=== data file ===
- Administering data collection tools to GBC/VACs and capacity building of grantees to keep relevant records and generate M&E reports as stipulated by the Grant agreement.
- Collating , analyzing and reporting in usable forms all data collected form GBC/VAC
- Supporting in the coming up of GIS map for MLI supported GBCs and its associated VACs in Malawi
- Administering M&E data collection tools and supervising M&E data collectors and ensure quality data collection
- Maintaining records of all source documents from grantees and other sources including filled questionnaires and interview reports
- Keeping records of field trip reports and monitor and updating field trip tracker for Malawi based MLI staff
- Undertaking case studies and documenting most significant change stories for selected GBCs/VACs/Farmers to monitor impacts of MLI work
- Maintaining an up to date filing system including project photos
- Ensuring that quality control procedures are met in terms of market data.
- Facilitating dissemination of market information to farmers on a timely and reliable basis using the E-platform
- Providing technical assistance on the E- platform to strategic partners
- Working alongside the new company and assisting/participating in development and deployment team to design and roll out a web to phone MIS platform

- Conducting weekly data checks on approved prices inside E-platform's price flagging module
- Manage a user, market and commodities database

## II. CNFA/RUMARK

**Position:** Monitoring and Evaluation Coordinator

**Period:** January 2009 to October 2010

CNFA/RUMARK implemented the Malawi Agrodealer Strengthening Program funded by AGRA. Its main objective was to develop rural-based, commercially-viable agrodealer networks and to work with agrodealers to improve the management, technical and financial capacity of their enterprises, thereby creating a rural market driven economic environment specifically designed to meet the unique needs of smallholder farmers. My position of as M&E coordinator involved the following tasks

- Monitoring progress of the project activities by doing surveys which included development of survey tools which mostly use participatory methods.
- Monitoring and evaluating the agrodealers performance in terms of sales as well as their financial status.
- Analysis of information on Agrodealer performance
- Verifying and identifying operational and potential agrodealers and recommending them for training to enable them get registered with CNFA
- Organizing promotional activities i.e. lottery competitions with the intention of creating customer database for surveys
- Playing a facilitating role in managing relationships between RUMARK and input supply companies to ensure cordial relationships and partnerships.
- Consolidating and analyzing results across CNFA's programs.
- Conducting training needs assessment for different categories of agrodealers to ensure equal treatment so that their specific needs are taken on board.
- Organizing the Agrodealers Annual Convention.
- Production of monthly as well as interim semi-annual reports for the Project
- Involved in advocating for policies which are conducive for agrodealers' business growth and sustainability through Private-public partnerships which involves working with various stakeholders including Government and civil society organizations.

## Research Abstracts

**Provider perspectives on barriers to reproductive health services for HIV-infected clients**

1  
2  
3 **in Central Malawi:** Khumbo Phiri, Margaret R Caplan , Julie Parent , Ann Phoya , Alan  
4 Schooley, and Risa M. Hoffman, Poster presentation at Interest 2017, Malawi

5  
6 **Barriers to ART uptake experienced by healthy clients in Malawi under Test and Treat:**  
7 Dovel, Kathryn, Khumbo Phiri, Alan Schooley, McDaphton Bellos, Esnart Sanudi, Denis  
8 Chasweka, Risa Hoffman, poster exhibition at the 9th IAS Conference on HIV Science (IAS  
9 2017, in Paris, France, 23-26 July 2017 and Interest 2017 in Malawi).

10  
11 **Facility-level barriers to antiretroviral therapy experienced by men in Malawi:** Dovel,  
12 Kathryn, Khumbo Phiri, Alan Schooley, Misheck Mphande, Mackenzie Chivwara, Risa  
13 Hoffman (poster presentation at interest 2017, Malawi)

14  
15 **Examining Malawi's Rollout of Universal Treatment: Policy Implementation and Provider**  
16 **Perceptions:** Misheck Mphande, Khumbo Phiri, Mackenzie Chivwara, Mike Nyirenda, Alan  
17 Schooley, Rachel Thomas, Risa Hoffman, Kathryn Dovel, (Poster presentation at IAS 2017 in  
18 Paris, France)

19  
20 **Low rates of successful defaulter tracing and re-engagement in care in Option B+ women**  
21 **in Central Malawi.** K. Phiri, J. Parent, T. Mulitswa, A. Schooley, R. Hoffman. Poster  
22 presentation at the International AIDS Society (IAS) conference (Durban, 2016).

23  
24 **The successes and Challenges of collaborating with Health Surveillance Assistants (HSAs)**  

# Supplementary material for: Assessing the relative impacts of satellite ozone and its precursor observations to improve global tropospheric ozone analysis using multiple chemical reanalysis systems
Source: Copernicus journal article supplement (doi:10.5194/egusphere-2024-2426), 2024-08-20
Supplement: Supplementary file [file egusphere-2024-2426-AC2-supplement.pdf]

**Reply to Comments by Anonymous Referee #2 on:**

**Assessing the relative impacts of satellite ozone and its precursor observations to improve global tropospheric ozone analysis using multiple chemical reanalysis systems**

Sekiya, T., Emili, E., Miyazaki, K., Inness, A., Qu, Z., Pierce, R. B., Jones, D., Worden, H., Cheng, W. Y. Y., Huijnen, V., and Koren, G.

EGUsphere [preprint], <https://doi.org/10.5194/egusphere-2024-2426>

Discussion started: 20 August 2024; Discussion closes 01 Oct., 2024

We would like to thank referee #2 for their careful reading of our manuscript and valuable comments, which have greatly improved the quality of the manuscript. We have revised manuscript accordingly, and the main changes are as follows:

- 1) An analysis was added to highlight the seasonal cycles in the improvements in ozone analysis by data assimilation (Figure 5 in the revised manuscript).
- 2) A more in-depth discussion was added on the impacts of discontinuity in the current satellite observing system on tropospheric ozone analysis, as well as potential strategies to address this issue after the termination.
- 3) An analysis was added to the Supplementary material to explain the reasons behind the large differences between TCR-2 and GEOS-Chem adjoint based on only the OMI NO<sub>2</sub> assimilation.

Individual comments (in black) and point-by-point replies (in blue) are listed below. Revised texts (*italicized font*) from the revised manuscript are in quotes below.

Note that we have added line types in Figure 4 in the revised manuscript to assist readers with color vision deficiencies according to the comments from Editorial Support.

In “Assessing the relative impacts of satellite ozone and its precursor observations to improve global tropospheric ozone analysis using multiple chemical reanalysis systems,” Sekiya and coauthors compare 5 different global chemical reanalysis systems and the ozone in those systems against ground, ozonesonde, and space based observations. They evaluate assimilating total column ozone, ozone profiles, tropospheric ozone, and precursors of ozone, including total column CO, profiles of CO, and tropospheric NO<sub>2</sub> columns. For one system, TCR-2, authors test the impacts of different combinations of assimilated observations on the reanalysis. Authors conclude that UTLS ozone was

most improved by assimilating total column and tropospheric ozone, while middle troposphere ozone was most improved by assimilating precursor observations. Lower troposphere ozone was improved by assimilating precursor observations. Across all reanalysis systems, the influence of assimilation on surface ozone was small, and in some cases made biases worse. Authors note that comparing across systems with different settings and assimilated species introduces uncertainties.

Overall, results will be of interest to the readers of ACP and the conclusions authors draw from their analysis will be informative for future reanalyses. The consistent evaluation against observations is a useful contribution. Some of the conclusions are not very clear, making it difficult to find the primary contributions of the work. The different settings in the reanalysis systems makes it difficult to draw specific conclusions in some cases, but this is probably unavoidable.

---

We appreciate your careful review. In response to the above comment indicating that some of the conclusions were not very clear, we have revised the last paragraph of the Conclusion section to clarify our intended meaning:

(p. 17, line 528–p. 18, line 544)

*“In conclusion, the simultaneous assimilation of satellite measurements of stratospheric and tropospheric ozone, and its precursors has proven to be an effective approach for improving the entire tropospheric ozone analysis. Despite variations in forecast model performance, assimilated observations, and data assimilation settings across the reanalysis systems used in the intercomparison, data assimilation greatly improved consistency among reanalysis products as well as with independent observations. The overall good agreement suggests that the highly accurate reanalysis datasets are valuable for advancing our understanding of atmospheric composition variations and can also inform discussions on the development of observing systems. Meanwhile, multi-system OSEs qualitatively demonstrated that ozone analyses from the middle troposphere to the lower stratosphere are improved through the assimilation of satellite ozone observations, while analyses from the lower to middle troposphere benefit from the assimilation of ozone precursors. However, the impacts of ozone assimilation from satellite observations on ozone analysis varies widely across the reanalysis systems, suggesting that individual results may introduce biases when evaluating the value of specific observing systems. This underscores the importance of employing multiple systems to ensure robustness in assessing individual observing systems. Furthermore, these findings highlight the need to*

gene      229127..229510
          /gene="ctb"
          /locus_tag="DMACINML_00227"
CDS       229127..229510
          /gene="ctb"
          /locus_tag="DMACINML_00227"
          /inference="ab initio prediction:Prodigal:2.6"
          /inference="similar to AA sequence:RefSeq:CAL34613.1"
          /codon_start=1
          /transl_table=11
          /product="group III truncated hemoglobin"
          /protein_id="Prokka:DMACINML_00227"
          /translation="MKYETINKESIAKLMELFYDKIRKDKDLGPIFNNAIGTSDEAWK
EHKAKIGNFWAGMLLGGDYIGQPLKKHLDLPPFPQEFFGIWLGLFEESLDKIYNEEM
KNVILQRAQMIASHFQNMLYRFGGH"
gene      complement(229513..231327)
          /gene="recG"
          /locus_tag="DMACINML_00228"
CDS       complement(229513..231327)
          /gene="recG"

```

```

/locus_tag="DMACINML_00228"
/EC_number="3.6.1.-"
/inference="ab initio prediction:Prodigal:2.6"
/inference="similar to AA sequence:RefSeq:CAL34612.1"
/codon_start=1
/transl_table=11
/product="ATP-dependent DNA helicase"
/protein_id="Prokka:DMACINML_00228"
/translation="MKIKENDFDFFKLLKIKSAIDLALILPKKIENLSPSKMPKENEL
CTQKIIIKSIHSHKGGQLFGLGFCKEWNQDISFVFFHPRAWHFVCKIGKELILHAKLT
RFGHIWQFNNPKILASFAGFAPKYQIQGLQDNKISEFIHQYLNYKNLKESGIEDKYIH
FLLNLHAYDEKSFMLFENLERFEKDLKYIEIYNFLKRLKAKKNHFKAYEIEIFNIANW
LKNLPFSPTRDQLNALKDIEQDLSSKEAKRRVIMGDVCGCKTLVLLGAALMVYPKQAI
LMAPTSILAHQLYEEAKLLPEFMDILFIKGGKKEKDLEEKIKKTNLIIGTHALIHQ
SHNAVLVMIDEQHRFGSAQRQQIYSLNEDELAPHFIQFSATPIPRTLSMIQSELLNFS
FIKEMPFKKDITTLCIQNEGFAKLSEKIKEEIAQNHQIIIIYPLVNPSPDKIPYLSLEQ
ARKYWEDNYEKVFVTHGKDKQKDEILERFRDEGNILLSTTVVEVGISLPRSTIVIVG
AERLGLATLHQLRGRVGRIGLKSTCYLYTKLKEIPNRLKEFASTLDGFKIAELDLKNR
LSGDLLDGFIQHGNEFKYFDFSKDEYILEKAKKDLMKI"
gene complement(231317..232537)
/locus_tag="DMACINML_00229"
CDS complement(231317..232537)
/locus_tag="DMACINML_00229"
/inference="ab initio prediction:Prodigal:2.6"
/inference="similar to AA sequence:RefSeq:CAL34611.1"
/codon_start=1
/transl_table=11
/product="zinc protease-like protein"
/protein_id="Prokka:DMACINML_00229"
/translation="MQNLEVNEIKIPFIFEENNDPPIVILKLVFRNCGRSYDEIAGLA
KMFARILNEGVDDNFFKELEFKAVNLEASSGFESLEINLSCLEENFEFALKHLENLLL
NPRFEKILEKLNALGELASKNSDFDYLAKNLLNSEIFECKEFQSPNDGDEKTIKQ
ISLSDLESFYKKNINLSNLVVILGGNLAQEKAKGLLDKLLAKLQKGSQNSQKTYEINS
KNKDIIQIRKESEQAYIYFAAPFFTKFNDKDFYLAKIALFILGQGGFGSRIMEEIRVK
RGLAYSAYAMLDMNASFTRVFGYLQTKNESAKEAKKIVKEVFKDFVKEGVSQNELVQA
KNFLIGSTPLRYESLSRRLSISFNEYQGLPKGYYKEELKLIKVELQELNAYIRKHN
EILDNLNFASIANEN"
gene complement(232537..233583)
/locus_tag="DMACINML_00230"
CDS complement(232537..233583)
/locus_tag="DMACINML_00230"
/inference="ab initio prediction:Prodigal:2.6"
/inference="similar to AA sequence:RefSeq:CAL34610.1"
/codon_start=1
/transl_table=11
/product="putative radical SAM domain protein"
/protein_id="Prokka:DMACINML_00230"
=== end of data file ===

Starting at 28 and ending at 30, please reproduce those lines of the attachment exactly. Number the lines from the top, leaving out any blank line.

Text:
- Production of monthly as well as interim semi-annual reports for the Project
- Involved in advocating for policies which are conducive for agrodealers' business growth and sustainability through Private-public partnerships which involves working with various stakeholders including Government and civil society organizations.

## Research Abstracts